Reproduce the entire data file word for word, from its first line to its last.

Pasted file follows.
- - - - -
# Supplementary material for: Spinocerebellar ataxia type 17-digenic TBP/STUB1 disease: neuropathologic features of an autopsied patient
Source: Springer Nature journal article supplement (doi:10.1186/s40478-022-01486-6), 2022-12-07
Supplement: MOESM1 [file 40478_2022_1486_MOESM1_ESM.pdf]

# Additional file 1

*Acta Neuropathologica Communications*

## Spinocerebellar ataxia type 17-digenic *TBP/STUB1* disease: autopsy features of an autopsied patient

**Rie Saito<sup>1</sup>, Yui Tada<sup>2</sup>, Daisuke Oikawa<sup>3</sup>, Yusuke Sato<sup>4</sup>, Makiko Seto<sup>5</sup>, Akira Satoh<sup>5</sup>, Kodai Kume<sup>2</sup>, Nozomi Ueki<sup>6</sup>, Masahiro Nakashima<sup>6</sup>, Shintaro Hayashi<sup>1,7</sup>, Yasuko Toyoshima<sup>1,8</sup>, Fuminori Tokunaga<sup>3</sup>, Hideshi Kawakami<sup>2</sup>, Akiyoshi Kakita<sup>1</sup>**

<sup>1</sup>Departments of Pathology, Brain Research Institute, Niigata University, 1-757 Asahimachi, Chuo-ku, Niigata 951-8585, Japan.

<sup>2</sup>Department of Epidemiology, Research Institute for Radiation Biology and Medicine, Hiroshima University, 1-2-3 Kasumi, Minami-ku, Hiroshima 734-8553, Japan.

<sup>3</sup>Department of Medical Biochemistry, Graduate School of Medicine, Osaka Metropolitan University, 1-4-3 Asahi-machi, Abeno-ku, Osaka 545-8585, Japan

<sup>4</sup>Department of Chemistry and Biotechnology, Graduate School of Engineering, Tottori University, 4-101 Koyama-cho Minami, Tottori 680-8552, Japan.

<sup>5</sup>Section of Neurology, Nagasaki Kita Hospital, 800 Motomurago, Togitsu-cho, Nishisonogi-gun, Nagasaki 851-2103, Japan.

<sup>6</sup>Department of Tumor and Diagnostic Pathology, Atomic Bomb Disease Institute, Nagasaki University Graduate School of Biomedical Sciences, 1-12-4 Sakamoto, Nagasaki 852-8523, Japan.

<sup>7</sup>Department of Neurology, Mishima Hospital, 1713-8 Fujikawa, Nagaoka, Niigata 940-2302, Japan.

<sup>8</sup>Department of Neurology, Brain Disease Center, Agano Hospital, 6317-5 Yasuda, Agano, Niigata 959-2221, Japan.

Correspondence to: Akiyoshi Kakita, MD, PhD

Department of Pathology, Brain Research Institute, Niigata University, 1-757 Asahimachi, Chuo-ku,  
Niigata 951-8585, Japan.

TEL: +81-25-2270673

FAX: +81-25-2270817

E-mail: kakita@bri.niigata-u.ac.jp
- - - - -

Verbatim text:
# Supplementary material for: Spinocerebellar ataxia type 17-digenic TBP/STUB1 disease: neuropathologic features of an autopsied patient
Source: Springer Nature journal article supplement (doi:10.1186/s40478-022-01486-6), 2022-12-07
Supplement: MOESM1 [file 40478_2022_1486_MOESM1_ESM.pdf]

# Additional file 1

*Acta Neuropathologica Communications*

## Spinocerebellar ataxia type 17-digenic *TBP/STUB1* disease: autopsy features of an autopsied patient

**Rie Saito<sup>1</sup>, Yui Tada<sup>2</sup>, Daisuke Oikawa<sup>3</sup>, Yusuke Sato<sup>4</sup>, Makiko Seto<sup>5</sup>, Akira Satoh<sup>5</sup>, Kodai Kume<sup>2</sup>, Nozomi Ueki<sup>6</sup>, Masahiro Nakashima<sup>6</sup>, Shintaro Hayashi<sup>1,7</sup>, Yasuko Toyoshima<sup>1,8</sup>, Fuminori Tokunaga<sup>3</sup>, Hideshi Kawakami<sup>2</sup>, Akiyoshi Kakita<sup>1</sup>**

<sup>1</sup>Departments of Pathology, Brain Research Institute, Niigata University, 1-757 Asahimachi, Chuo-ku, Niigata 951-8585, Japan.

<sup>2</sup>Department of Epidemiology, Research Institute for Radiation Biology and Medicine, Hiroshima University, 1-2-3 Kasumi, Minami-ku, Hiroshima 734-8553, Japan.

<sup>3</sup>Department of Medical Biochemistry, Graduate School of Medicine, Osaka Metropolitan University, 1-4-3 Asahi-machi, Abeno-ku, Osaka 545-8585, Japan

<sup>4</sup>Department of Chemistry and Biotechnology, Graduate School of Engineering, Tottori University, 4-101 Koyama-cho Minami, Tottori 680-8552, Japan.

<sup>5</sup>Section of Neurology, Nagasaki Kita Hospital, 800 Motomurago, Togitsu-cho, Nishisonogi-gun, Nagasaki 851-2103, Japan.

<sup>6</sup>Department of Tumor and Diagnostic Pathology, Atomic Bomb Disease Institute, Nagasaki University Graduate School of Biomedical Sciences, 1-12-4 Sakamoto, Nagasaki 852-8523, Japan.

<sup>7</sup>Department of Neurology, Mishima Hospital, 1713-8 Fujikawa, Nagaoka, Niigata 940-2302, Japan.

<sup>8</sup>Department of Neurology, Brain Disease Center, Agano Hospital, 6317-5 Yasuda, Agano, Niigata 959-2221, Japan.

Correspondence to: Akiyoshi Kakita, MD, PhD

Department of Pathology, Brain Research Institute, Niigata University, 1-757 Asahimachi, Chuo-ku,  
Niigata 951-8585, Japan.

TEL: +81-25-2270673

FAX: +81-25-2270817

E-mail: kakita@bri.niigata-u.ac.jp